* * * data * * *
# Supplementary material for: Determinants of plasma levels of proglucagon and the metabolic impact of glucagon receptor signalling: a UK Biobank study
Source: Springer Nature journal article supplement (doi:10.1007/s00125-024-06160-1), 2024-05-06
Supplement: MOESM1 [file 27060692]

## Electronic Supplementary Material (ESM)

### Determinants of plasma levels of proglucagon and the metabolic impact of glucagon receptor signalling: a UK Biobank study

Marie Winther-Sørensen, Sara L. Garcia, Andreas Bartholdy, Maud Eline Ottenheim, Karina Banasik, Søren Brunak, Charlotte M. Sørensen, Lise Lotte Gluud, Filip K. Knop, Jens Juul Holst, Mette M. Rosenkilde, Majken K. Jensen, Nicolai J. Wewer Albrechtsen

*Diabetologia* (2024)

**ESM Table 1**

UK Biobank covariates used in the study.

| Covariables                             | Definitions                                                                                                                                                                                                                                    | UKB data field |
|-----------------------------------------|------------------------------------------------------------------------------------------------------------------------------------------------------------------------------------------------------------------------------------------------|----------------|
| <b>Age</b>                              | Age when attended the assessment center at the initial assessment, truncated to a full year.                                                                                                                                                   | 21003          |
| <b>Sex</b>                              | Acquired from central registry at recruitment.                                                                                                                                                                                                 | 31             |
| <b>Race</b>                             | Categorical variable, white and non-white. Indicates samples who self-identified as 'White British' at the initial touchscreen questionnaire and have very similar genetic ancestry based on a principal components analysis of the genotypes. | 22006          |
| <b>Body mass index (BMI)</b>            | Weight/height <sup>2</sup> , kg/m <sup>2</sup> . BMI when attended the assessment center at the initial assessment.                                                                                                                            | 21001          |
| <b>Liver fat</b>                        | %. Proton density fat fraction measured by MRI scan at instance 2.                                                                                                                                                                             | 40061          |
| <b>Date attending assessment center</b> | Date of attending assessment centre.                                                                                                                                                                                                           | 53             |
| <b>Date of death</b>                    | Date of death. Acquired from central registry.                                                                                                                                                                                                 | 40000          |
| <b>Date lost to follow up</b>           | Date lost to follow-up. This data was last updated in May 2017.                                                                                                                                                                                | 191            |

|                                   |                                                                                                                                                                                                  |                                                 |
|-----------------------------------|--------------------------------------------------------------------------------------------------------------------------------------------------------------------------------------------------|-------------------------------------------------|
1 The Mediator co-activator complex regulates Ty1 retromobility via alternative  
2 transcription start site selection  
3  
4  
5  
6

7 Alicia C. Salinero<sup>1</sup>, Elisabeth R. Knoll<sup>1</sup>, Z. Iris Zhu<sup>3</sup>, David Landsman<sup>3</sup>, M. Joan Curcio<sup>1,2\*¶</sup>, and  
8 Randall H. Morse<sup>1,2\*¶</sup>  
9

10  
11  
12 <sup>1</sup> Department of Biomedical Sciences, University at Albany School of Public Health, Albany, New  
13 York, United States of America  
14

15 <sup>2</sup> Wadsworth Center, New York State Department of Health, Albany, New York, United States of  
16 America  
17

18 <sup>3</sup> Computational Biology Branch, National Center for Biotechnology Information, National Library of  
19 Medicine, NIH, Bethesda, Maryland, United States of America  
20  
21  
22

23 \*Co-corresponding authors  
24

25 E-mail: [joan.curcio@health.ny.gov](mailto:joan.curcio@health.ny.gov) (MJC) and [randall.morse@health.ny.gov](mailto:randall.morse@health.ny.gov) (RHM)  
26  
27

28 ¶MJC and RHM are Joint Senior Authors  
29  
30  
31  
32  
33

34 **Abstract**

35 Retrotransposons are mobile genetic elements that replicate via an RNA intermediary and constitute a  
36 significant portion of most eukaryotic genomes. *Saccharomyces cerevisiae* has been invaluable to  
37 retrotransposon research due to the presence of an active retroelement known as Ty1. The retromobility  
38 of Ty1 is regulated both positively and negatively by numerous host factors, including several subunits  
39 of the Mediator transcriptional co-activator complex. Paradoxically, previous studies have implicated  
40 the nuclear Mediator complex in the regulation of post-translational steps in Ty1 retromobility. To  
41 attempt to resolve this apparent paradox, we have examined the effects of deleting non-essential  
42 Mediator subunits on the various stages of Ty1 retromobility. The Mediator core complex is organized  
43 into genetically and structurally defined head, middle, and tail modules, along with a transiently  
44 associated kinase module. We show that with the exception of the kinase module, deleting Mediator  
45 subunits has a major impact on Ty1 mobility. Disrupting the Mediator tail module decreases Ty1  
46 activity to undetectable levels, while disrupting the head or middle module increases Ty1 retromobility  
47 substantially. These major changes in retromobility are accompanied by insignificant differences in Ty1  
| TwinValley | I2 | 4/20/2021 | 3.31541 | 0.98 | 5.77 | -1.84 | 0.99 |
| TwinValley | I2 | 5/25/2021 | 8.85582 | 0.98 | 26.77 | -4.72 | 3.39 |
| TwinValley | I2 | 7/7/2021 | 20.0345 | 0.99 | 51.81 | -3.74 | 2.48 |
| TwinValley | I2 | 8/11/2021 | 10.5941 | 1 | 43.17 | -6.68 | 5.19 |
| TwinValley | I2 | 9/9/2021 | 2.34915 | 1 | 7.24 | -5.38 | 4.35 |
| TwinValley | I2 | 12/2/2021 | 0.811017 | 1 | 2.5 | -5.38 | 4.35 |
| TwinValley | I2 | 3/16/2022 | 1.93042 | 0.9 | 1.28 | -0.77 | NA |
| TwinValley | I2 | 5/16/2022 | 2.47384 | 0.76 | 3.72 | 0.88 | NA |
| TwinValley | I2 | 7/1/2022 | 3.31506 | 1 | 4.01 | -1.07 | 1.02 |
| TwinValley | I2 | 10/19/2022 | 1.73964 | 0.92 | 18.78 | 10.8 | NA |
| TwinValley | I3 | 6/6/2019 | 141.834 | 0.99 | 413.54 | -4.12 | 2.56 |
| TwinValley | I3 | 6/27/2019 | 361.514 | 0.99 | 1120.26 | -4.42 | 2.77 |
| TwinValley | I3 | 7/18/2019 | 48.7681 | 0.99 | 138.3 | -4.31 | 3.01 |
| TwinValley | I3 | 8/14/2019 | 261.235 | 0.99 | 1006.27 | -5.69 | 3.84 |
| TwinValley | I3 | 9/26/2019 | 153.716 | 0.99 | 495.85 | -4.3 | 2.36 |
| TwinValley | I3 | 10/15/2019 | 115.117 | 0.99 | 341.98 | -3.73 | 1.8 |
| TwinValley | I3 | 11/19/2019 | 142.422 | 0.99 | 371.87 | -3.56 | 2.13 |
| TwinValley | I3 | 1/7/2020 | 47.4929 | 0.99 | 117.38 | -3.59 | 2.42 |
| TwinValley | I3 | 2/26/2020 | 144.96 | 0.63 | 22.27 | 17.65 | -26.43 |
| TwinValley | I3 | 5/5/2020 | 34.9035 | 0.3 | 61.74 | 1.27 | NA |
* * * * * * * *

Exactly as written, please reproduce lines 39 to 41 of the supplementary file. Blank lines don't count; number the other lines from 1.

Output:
18 <sup>3</sup> Computational Biology Branch, National Center for Biotechnology Information, National Library of  
19 Medicine, NIH, Bethesda, Maryland, United States of America  
20  